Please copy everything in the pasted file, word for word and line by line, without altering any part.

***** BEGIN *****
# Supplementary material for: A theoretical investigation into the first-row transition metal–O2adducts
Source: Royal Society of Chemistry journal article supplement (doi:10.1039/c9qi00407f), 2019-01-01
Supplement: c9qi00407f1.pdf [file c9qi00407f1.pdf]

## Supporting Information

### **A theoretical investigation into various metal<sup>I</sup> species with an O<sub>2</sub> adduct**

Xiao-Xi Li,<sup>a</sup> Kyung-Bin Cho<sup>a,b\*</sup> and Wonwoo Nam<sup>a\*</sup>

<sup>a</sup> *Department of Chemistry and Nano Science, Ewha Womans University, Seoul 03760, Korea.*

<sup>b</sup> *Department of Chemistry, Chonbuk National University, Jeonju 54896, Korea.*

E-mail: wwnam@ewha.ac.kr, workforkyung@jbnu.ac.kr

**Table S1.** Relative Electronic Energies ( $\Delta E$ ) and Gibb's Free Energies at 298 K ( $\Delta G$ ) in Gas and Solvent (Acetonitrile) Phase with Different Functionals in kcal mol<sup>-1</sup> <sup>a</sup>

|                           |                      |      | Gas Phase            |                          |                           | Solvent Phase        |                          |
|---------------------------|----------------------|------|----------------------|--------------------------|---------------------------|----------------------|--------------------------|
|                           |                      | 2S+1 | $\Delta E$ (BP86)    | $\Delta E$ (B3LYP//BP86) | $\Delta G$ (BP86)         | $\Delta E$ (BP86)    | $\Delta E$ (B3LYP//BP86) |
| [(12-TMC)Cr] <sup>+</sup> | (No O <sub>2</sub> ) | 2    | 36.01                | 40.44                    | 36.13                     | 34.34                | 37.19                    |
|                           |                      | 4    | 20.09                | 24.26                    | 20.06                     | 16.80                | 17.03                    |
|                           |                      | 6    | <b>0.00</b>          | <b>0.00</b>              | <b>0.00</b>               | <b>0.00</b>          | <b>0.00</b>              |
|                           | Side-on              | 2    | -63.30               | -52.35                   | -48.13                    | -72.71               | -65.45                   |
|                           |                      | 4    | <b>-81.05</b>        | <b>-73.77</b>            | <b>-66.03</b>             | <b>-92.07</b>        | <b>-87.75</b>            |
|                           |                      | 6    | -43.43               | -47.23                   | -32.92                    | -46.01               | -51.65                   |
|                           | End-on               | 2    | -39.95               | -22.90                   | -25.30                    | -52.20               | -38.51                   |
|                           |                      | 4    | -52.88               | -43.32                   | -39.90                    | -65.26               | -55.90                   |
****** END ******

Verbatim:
# Supplementary material for: A theoretical investigation into the first-row transition metal–O2adducts
Source: Royal Society of Chemistry journal article supplement (doi:10.1039/c9qi00407f), 2019-01-01
Supplement: c9qi00407f1.pdf [file c9qi00407f1.pdf]

## Supporting Information

### **A theoretical investigation into various metal<sup>I</sup> species with an O<sub>2</sub> adduct**

Xiao-Xi Li,<sup>a</sup> Kyung-Bin Cho<sup>a,b\*</sup> and Wonwoo Nam<sup>a\*</sup>

<sup>a</sup> *Department of Chemistry and Nano Science, Ewha Womans University, Seoul 03760, Korea.*

<sup>b</sup> *Department of Chemistry, Chonbuk National University, Jeonju 54896, Korea.*

E-mail: wwnam@ewha.ac.kr, workforkyung@jbnu.ac.kr

**Table S1.** Relative Electronic Energies ( $\Delta E$ ) and Gibb's Free Energies at 298 K ( $\Delta G$ ) in Gas and Solvent (Acetonitrile) Phase with Different Functionals in kcal mol<sup>-1</sup> <sup>a</sup>

|                           |                      |      | Gas Phase            |                          |                           | Solvent Phase        |                          |
|---------------------------|----------------------|------|----------------------|--------------------------|---------------------------|----------------------|--------------------------|
|                           |                      | 2S+1 | $\Delta E$ (BP86)    | $\Delta E$ (B3LYP//BP86) | $\Delta G$ (BP86)         | $\Delta E$ (BP86)    | $\Delta E$ (B3LYP//BP86) |
| [(12-TMC)Cr] <sup>+</sup> | (No O <sub>2</sub> ) | 2    | 36.01                | 40.44                    | 36.13                     | 34.34                | 37.19                    |
|                           |                      | 4    | 20.09                | 24.26                    | 20.06                     | 16.80                | 17.03                    |
|                           |                      | 6    | <b>0.00</b>          | <b>0.00</b>              | <b>0.00</b>               | <b>0.00</b>          | <b>0.00</b>              |
|                           | Side-on              | 2    | -63.30               | -52.35                   | -48.13                    | -72.71               | -65.45                   |
|                           |                      | 4    | <b>-81.05</b>        | <b>-73.77</b>            | <b>-66.03</b>             | <b>-92.07</b>        | <b>-87.75</b>            |
|                           |                      | 6    | -43.43               | -47.23                   | -32.92                    | -46.01               | -51.65                   |
|                           | End-on               | 2    | -39.95               | -22.90                   | -25.30                    | -52.20               | -38.51                   |
|                           |                      | 4    | -52.88               | -43.32                   | -39.90                    | -65.26               | -55.90                   |